Kaarin's story

In the mid-1970s, Kaarin went into Grade 3 at a Catholic primary school in Sydney’s western suburbs. In a statement provided to the Royal Commission she wrote of its ‘culture of physical punishment and ritual humiliation’, particularly by the principal, Sister Teresa.

‘I got a lot of caning while I was at that school … I didn’t even know what I was doing, really ... There wasn’t a lot of discussion. It was just like, you lined up outside her office and went in, and she whacked you twice, and then you went to class and said your prayers.

‘I’d see kids that were in kindergarten lining up to get the cane. I was horrified that they would hit someone that young.’

At one point, Kaarin and some friends tried to tell the parish priest about the punishments. ‘We thought he would be able to do something about it, as he was “the father” – the one looking over the school.’

The priest, however, wasn’t interested. He berated the children and sent them away. ‘I remember feeling hurt, shamed and in dismay – we thought he cared. We were wrong.’

During that year, Kaarin was befriended by the school’s handyman, Lester.

‘He had this system. I call it a “system” but that’s because I know about grooming now. He’d give children – girls – cards, and then he’d give them a ring ... and the ring would have your initial on it. So I had that, and other girls had that ... He was very friendly.’

One day, Lester invited Kaarin to sit in his car, which was parked near the playground. ‘We were chatting. I remember enjoying chatting to him. I guess he must have been familiar to me by then.’

Lester then reached over, put his hand inside Kaarin’s underpants and touched her genitals. ‘I don’t remember anything after that – it is as if I went blank.’

The next thing she remembers is seeing her sister through the window. ‘That’s my memory of her waiting outside the car but at a distance, and her gesturing to me because the playground was empty …

‘I don’t remember getting out of the car but I remember walking across the empty yard, and not being able to say anything ... And I never told anybody about it until I was an adult.’

After the treatment she’d received from Sister Teresa and the priest, there was no one Kaarin could talk to at the school. And she never felt like she could tell her mother. ‘I was in a car with this guy. You know, like, I wasn’t with other kids in the playground, I chose to have a conversation with a guy in a car, even though it was on the school property. So I suppose, even at that young age, I thought that I shouldn’t have been there, and it wouldn’t have happened, and so I did feel responsible.’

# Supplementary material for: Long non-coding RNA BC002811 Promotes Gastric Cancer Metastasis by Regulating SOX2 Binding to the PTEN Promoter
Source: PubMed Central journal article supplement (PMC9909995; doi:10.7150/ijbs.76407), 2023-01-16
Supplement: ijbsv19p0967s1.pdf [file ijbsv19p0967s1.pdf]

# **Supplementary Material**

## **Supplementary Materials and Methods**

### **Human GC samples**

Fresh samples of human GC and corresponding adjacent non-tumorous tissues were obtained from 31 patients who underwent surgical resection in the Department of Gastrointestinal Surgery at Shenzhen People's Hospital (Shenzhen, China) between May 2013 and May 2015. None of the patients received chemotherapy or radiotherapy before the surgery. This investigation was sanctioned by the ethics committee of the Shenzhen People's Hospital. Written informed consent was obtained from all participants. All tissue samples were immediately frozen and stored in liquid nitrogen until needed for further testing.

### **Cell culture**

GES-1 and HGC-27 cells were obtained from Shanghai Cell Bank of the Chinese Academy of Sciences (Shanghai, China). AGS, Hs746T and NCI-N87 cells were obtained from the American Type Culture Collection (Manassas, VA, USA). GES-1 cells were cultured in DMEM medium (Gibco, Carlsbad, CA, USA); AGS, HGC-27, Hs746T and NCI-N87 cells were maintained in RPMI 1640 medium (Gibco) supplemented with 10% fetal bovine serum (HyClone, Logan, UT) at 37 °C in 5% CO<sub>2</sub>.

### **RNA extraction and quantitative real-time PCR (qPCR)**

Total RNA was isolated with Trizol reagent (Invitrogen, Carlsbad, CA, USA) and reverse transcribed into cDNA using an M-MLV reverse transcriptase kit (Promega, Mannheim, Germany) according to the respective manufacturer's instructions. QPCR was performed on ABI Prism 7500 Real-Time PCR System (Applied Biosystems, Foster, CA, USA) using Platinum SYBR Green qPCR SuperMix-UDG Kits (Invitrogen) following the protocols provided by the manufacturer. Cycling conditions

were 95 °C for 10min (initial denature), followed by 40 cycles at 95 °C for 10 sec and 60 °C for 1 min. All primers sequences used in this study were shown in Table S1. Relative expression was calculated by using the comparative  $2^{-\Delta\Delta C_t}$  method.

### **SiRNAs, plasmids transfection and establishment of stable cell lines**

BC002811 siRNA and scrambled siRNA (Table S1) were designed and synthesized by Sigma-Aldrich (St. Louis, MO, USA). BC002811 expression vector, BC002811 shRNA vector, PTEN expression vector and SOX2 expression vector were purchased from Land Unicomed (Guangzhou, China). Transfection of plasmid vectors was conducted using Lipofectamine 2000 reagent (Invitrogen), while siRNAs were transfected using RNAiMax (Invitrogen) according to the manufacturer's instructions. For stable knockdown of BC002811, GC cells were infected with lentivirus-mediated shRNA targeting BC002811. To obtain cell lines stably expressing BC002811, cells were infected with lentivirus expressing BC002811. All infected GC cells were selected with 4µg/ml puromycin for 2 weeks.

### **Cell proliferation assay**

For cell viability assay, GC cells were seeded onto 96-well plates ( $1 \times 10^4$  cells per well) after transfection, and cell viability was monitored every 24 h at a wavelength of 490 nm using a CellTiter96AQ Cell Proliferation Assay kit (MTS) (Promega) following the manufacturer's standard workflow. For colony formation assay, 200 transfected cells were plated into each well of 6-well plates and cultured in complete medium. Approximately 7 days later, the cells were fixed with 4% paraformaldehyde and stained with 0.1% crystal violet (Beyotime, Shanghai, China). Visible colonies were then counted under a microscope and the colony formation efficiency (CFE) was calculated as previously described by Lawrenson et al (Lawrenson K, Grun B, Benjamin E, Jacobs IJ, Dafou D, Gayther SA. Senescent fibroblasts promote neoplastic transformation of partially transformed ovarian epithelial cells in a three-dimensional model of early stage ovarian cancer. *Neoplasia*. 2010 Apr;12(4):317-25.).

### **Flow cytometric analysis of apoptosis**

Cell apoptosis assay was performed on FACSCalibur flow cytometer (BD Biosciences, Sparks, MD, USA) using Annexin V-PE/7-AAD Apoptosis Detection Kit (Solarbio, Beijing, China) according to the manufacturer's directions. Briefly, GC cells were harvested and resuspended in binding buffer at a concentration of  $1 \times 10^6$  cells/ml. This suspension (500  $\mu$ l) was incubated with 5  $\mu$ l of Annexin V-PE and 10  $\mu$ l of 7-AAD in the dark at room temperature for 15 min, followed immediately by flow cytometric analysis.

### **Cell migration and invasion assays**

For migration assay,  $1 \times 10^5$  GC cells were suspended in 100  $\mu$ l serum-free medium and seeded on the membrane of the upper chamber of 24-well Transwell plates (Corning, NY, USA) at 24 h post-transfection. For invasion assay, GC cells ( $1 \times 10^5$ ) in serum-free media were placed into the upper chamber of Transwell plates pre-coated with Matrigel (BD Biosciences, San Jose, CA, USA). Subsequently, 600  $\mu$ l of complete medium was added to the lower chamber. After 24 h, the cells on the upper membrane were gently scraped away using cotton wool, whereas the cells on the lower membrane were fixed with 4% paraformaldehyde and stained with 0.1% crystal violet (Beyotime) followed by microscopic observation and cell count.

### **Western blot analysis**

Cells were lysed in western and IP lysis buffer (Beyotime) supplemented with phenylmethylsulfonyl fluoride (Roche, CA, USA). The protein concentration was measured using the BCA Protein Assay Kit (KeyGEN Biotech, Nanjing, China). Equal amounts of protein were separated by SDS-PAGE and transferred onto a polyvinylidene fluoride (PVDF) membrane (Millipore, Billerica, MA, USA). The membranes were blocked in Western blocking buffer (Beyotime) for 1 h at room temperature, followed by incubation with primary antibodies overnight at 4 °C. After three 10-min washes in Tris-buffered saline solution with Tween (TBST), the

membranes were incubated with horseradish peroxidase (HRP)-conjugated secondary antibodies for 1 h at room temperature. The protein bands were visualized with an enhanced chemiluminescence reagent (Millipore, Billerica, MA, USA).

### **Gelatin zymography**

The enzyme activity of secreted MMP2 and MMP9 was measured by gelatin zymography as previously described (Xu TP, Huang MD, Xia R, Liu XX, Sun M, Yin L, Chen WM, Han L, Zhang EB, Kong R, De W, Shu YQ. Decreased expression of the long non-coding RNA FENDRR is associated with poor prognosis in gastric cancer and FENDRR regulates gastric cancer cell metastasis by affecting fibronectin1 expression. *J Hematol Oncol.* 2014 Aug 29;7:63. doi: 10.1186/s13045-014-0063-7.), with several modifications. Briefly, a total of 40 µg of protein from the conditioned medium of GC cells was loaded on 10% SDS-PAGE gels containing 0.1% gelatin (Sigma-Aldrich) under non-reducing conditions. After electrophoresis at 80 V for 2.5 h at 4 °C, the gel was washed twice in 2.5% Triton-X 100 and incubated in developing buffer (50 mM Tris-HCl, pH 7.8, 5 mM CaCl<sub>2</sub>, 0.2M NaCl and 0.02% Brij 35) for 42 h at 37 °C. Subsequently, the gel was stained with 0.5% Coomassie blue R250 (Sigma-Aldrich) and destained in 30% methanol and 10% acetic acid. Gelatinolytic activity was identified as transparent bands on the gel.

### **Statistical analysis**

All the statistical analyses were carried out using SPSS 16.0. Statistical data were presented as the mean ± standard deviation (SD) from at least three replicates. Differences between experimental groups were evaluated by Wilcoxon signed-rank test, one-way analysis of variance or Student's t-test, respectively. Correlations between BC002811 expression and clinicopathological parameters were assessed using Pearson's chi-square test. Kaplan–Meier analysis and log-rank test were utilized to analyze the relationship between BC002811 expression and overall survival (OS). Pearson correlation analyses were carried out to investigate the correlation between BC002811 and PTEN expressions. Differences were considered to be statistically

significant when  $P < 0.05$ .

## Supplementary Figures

Later that year, Kaarin was one of a group of girls called to Sister Teresa’s office. Another student had reported Lester, and the principal asked if they knew anything about it.

‘I did not say anything and neither did any of the other girls … I mean, every time I was called to that office I was in trouble. And it felt like we were in trouble …

‘They said … I know the last thing they said was, “We would like you to avoid him now”, or something like that. So it felt like it was our responsibility to keep out of his way.’

When Kaarin left at the end of Grade 6, Lester was still working at the school.

‘I think that he felt quite confident in his position there. I do have another memory of him having a friend, seemed like he had a friend come to the school … I do remember him calling me over to this guy … and I heard him say, “This is one of them”, something like that ... So he felt confident enough to have a friend come in and brag about it.’

Kaarin said the impact of the sexual abuse was immediate. She dreaded going to school and felt like throwing up every morning. As she got older, she tried to cope with anxiety, panic attacks and depression. After suffering a breakdown in her early 30s, she disclosed the abuse to a counsellor.

‘I probably spent nearly 20 years of my life self-medicating with alcohol and drugs, and I managed to have relationships while I was doing that. So since not medicating myself and having had years of therapy I still don’t really have … I don’t have a relationship. I’m not married, I don’t have kids, and I did specifically go to therapy about trust.

‘Definitely something happened in that moment because I didn’t have an idea that people, especially adults, weren’t trustworthy. I wanted to engage with him, I wanted to have a conversation, it was fun, it was connection, and then it was like someone ripping my head off … I suddenly went from being connected to a feeling of alone in the world … It was defining.’

Kaarin said she had often thought about reporting the abuse to the Catholic Church, but wasn’t confident it would do any good. After thinking about it again recently, she decided to speak with the Royal Commission instead. She has also contacted the free legal service, knowmore, to find out more about compensation.

Her recommendation to the Commission was simple: ‘Just more care, and places where at least somebody cares enough to have children come and talk to them.

‘It seems so basic but just more care and compassion.’

In her 40s Kaarin began working with young people at risk, ‘which is not easy, but I understand why I do it. I did feel like it was my way of resolving it, by looking after kids, and now I think, I don’t have to do that anymore, I can just look after myself. So I’m kind of like, “I’m just going to look after myself now” …

‘I’m at this stage where, if I just have a body which isn’t, like, anxious, I’ll be happy.’

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